The bowl is made of clear, thick glass. On its bottom there is a metal base in which the big bowl can be set, turned, and locked in place. Once locked, the elliptical steel prongs, attached to the arm of the mixer, descend into the batter. On its top is a dial with settings—slow (bread dough), medium (cake batter), fast (frosting or whipping cream).

The mixer whirls, and my mother says, “There. Now.” Her hands stroke down on her apron. The appliance is called a Mix­master, and it runs while she pulls open the silver-handled door of the refrigerator and puts the milk and butter back in.

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The Lure and the Deep Print E-mail
Essays and Memoirs

John_William_Waterhouse_-_Ulysses_and_the_Sirens_1891(San Diego Writers' Monthly April 1992)

Eight floors up in a college dormitory conference room that overlooks the University of California campus and the dark blond beaches of the blue Pacific, I am finishing a long discussion with a writing student. Max. The one who waits. The one who ponders everything I say. Who wants me to tell him more about what’s really wrong with his work, the pained yielding behind those round glasses I can’t help but conjure in a young John Lennon. Behind him, through the sliding glass doors and beyond the railed ledge, is the water.

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On the Poetry of James Wright Print E-mail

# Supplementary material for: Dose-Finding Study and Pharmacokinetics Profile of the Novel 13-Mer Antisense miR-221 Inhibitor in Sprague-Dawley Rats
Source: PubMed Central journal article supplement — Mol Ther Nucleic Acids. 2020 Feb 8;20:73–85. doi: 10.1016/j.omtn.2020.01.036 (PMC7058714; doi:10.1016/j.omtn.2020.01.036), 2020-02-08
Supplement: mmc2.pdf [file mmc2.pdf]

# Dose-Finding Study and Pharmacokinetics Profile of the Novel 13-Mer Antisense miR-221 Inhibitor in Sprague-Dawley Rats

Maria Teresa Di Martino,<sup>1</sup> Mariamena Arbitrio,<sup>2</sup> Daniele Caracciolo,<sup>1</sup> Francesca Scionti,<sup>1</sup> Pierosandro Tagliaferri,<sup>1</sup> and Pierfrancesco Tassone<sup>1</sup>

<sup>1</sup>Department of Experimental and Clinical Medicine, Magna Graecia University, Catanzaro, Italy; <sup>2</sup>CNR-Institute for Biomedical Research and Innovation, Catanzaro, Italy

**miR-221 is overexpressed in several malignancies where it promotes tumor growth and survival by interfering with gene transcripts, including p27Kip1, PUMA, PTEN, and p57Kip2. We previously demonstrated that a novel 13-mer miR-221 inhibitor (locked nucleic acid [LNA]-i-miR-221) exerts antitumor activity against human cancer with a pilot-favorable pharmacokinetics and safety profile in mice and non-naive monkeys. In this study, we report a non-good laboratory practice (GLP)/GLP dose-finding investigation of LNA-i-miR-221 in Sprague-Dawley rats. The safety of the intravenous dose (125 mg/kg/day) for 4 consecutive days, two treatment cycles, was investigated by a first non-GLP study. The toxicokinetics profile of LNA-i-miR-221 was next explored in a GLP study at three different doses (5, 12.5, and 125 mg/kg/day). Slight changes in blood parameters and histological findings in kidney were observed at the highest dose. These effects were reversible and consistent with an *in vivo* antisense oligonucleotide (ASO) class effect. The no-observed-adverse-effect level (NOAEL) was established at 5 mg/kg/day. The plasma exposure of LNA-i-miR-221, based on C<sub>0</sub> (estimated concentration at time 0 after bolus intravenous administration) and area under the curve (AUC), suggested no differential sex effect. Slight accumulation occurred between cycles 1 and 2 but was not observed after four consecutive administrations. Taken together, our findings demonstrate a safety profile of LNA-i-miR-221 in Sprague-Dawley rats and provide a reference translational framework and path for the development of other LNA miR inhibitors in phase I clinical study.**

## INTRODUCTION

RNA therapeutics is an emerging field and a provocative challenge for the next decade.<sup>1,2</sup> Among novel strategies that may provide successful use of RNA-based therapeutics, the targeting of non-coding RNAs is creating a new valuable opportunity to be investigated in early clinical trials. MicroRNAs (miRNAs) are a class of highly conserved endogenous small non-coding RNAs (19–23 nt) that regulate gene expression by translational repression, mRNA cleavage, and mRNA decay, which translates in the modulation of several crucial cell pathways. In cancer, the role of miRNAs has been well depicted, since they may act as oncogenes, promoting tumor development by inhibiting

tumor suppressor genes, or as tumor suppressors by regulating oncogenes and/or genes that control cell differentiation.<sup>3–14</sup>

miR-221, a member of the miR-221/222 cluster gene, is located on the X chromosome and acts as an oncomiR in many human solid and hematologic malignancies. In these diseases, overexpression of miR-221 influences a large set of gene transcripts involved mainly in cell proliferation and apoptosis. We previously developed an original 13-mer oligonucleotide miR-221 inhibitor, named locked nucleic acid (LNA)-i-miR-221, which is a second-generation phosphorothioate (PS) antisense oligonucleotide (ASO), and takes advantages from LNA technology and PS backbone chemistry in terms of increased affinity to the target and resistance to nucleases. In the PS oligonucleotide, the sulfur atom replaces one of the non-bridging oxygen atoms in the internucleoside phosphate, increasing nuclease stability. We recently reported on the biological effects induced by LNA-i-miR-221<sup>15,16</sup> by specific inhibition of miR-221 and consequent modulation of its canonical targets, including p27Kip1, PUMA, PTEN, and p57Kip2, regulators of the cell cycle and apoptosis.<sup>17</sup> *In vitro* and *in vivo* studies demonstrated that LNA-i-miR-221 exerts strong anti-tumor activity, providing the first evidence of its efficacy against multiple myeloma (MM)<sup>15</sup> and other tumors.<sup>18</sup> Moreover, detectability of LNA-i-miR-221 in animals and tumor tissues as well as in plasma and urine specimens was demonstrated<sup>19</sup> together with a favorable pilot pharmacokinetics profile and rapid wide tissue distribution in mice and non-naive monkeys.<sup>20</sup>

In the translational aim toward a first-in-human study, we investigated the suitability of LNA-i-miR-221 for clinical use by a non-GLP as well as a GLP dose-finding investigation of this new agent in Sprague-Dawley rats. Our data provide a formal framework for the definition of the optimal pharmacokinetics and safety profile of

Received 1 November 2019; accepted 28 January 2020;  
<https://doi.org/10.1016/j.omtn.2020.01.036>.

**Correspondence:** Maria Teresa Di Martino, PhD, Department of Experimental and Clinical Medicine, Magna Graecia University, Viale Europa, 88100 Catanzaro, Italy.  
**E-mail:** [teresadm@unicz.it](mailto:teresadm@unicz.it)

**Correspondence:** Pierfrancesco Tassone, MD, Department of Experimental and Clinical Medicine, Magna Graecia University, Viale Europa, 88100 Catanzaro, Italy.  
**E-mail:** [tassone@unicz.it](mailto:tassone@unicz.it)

Essays and Memoirs

3305598771_2112eb333e(Poetry Flash Number 220, July 1991; revised March 2011)

1.

My regard for James Wright’s poetry is something I have always found difficult to describe. It is made that much harder when before me I have his Above the River: The Complete Poems, holding potentially a new and unassimilated view of his work. To read and write about his entire opus will unloosen the spell, comfortable and known, which a few of his poems have had over me for decades. That spell was cast first in 1967 when I read his brilliant poem, “Lying in a Hammock at William Duffy’s Farm in Pine Island, Minnesota.”

Some ache lingers from that poem’s ending irony to the pastoral landscape Wright created: “a chicken hawk floats over, looking for home./ I have wasted my life.”

I have not wasted my life because I feel more sensitive to the world and the unconscious because of his poetry. I wonder, though, if this posthumous volume will not change my sense of the kind of poet Wright was.

The rest of this critical essay is available in eBook form from Amazon.com: "On the Poetry of James Wright" $2.99.

 
Public Pain Print E-mail
Essays and Memoirs

73(San Diego Reader July 5, 1990)

Yesterday during a morning nap, Mrs. Jo Anglemire, a downstairs neighbor at the apartment complex where I live and the wife of Val, the maintenance man, died. I came home around noon, arriving moments after their adult daughter had heard the news. As I walked up, I could hear her shouting repeatedly, “No, not my mommy!” and “Daddy! Daddy! Make Mommy come back!” The words cut the air like mad hornets.

I walked up to their apartment. The screen door was propped open. Three people were in the living room. One man, tall and gaunt, stood alone. The other, heavy-set with shorts and long socks, stood holding the woman who wailed. The large man stood still, in an eerie frieze—arms clamped around her as she pushed her head up and screamed. He held tightly, her head giddy as if under the broadside of a fire hose. Leaning against the outside wall was a white-cushioned stretcher. I slumped against the doorjamb.